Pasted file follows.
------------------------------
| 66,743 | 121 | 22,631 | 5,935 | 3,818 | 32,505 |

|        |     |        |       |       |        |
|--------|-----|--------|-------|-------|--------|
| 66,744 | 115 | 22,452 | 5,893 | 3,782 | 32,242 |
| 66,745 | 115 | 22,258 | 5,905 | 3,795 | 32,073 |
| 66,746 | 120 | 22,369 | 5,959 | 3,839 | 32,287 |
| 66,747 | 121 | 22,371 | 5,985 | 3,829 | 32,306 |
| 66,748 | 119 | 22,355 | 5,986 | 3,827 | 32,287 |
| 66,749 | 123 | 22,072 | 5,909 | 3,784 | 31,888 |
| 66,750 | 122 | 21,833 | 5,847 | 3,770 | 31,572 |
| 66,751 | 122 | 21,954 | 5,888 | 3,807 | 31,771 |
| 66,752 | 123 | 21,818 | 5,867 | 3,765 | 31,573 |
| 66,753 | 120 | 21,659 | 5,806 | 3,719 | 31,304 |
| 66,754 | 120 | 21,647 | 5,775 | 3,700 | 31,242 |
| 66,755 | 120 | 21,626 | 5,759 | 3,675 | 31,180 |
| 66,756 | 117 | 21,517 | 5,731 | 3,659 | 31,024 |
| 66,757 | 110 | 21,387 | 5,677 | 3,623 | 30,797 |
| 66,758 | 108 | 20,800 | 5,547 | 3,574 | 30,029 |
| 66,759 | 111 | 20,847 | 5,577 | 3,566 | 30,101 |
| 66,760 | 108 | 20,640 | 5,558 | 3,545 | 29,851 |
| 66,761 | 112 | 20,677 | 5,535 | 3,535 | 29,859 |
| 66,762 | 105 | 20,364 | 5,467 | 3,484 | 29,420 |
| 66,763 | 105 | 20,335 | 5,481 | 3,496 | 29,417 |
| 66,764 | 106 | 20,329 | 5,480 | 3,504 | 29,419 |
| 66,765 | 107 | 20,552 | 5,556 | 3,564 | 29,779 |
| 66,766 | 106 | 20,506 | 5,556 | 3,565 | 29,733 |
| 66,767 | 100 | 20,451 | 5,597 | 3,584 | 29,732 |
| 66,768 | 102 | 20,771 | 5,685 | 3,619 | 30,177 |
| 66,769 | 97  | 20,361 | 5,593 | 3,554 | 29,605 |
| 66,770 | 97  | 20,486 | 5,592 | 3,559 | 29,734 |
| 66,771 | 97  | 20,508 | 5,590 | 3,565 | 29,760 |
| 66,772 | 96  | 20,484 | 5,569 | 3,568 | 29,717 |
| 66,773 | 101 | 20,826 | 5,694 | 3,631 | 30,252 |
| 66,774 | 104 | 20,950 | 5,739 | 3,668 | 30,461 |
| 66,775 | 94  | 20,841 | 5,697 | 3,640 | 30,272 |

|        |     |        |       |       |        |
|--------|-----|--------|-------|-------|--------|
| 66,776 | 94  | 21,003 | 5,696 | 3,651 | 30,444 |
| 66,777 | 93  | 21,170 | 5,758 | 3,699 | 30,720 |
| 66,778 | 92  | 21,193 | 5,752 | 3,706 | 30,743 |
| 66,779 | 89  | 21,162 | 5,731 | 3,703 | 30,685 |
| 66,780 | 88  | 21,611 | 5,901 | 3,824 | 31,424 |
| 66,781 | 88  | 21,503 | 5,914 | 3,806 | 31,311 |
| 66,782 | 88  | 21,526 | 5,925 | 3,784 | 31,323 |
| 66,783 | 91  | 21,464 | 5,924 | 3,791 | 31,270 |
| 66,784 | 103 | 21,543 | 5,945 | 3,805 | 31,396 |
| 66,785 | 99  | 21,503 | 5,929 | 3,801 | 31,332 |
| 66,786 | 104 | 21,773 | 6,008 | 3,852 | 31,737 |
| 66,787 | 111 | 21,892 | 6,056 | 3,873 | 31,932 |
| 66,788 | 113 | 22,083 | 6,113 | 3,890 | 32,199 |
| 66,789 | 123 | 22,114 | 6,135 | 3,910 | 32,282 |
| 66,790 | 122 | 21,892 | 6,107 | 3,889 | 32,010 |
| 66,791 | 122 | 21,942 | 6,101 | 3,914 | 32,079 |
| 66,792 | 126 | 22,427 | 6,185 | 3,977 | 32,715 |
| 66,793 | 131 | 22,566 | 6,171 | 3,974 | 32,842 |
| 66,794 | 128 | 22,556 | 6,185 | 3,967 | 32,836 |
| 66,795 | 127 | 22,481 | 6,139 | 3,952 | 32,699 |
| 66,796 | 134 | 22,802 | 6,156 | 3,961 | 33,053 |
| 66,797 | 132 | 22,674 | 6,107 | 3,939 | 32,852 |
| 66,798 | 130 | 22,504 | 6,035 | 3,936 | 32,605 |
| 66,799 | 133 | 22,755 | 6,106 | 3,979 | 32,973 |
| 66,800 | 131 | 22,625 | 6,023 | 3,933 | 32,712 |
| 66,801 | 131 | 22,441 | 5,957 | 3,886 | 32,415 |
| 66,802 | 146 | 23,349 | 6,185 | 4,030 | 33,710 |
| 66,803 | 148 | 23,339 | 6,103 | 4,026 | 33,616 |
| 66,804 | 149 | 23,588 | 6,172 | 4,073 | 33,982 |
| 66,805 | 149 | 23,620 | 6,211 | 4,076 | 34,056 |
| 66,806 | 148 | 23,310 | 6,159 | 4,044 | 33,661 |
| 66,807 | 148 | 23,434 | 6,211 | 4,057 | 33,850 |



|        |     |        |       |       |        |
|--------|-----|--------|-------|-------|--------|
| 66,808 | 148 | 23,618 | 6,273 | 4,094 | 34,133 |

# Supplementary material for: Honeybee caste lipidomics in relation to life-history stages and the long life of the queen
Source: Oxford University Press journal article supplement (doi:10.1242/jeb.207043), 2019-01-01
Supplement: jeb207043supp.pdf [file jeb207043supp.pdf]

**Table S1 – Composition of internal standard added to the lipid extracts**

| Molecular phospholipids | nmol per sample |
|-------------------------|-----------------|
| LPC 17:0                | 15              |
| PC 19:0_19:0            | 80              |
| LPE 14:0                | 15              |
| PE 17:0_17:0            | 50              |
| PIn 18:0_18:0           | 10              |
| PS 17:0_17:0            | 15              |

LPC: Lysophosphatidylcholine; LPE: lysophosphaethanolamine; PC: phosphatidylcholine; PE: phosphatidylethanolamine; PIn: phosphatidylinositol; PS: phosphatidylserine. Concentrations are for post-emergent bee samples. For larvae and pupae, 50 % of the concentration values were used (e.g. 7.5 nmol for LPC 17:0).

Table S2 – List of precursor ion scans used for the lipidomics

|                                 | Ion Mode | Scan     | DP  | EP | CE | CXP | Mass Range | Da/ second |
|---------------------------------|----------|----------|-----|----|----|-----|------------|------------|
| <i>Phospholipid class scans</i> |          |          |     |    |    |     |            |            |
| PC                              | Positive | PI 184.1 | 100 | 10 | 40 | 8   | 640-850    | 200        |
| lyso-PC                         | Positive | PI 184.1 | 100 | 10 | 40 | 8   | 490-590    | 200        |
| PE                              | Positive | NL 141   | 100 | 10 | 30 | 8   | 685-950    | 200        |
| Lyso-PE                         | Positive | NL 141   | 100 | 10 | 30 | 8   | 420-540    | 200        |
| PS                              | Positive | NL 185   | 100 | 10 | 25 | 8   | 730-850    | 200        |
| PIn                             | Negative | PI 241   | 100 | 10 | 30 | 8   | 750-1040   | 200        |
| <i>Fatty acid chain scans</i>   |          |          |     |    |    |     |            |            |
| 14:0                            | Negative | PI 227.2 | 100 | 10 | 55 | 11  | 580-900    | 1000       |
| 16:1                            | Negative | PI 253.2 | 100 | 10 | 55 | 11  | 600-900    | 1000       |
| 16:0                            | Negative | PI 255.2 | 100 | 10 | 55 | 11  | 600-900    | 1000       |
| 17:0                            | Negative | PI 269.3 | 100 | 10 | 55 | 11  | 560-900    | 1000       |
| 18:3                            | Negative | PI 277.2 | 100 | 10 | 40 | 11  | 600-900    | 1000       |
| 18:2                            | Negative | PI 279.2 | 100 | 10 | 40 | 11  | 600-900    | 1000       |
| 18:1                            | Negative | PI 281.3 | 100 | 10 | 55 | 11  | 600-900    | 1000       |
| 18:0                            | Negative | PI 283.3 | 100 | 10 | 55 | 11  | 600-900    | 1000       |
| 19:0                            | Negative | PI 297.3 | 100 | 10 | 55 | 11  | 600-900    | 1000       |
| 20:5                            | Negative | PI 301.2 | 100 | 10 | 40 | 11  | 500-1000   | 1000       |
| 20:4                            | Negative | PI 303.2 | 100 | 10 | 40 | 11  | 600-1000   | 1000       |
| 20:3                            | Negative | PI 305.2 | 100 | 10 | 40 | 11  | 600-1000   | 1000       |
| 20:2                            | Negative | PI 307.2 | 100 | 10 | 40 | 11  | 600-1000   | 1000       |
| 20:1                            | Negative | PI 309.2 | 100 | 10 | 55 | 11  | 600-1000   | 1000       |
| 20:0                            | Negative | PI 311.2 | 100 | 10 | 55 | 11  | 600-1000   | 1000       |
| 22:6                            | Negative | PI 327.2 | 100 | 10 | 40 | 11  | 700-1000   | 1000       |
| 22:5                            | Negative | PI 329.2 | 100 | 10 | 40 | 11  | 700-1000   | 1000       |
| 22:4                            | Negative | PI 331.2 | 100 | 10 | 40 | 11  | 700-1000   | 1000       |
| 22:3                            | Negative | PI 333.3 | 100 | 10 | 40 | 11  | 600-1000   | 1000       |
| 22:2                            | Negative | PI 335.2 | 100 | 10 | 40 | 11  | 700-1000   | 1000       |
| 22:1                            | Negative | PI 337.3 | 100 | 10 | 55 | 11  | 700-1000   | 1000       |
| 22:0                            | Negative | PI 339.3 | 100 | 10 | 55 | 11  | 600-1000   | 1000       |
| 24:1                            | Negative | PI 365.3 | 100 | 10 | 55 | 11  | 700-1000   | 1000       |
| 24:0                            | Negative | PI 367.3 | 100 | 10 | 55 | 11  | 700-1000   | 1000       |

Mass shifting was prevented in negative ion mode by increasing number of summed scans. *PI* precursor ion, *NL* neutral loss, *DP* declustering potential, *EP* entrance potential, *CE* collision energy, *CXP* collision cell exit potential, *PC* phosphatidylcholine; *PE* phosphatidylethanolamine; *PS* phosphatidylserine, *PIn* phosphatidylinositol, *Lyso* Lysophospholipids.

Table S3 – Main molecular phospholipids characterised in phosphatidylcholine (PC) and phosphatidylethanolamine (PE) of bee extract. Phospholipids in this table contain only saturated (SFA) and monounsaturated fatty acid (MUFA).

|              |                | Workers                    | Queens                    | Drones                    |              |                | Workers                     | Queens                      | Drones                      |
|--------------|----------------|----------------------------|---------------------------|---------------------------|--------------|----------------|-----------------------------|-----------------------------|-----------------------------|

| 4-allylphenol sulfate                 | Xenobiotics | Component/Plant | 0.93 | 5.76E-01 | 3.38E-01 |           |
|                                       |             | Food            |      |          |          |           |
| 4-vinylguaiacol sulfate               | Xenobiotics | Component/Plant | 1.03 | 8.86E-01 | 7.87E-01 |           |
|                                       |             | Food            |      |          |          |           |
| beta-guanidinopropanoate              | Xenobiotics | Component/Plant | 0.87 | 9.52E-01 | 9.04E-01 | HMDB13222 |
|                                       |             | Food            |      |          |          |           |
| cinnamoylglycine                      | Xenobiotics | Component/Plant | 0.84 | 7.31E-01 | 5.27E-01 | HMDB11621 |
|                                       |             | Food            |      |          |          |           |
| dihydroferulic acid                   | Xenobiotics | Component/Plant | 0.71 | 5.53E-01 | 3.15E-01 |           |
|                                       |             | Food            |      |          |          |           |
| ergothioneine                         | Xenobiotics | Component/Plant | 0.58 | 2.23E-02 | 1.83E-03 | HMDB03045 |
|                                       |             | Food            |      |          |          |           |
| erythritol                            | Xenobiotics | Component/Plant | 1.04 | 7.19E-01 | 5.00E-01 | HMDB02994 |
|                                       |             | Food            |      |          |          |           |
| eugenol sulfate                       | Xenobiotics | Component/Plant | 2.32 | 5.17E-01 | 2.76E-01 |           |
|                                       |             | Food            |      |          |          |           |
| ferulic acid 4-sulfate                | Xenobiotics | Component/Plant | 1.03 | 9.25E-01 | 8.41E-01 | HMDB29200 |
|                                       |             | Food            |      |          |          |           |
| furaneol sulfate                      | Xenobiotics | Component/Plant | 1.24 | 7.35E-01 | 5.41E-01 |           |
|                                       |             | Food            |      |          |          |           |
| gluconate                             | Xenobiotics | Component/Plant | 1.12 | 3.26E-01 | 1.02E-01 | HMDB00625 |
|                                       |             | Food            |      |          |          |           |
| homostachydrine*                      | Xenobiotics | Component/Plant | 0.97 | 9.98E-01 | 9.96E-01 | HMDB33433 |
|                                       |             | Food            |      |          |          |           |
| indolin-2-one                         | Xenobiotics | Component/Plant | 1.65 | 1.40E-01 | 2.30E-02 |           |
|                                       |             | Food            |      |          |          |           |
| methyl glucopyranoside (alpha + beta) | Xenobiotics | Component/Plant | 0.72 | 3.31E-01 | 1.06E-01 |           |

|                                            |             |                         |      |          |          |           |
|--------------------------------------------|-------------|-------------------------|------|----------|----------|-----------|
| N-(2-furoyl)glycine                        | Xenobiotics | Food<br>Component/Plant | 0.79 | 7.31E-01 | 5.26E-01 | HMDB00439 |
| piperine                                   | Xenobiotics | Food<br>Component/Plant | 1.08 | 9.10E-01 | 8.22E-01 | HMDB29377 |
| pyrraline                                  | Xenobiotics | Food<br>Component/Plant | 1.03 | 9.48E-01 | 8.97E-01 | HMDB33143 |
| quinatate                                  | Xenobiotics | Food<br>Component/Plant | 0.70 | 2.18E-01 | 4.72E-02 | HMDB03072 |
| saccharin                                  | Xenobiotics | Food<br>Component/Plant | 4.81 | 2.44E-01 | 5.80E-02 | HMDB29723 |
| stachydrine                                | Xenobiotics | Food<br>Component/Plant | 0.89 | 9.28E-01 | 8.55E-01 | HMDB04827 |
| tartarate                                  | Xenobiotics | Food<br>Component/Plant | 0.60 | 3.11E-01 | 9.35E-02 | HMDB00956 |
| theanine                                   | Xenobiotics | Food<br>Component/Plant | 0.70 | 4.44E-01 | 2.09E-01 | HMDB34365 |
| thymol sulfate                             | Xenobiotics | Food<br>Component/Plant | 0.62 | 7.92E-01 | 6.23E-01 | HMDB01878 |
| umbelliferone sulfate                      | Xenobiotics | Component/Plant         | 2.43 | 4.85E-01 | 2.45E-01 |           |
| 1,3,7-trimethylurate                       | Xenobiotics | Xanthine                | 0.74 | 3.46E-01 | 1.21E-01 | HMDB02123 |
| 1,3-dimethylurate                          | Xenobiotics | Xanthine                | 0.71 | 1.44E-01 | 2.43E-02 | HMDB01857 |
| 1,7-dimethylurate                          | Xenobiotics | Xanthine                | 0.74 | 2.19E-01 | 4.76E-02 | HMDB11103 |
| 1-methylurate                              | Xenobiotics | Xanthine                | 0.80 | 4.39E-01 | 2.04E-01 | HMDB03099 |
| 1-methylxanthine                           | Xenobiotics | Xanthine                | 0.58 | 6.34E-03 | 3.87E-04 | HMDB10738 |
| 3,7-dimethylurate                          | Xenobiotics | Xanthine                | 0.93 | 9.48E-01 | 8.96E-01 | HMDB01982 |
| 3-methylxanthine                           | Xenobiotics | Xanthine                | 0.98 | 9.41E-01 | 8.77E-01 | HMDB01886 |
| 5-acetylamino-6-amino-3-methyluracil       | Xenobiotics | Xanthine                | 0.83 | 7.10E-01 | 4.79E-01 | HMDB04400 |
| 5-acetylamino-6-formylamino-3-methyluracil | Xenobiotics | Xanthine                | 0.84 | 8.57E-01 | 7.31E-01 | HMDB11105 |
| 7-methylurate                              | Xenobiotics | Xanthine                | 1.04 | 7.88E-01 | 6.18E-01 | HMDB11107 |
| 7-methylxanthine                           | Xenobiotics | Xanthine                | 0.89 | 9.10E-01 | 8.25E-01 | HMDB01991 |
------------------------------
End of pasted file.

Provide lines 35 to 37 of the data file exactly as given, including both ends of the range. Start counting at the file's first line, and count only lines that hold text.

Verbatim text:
| 66,775 | 94  | 20,841 | 5,697 | 3,640 | 30,272 |

|        |     |        |       |       |        |
|--------|-----|--------|-------|-------|--------|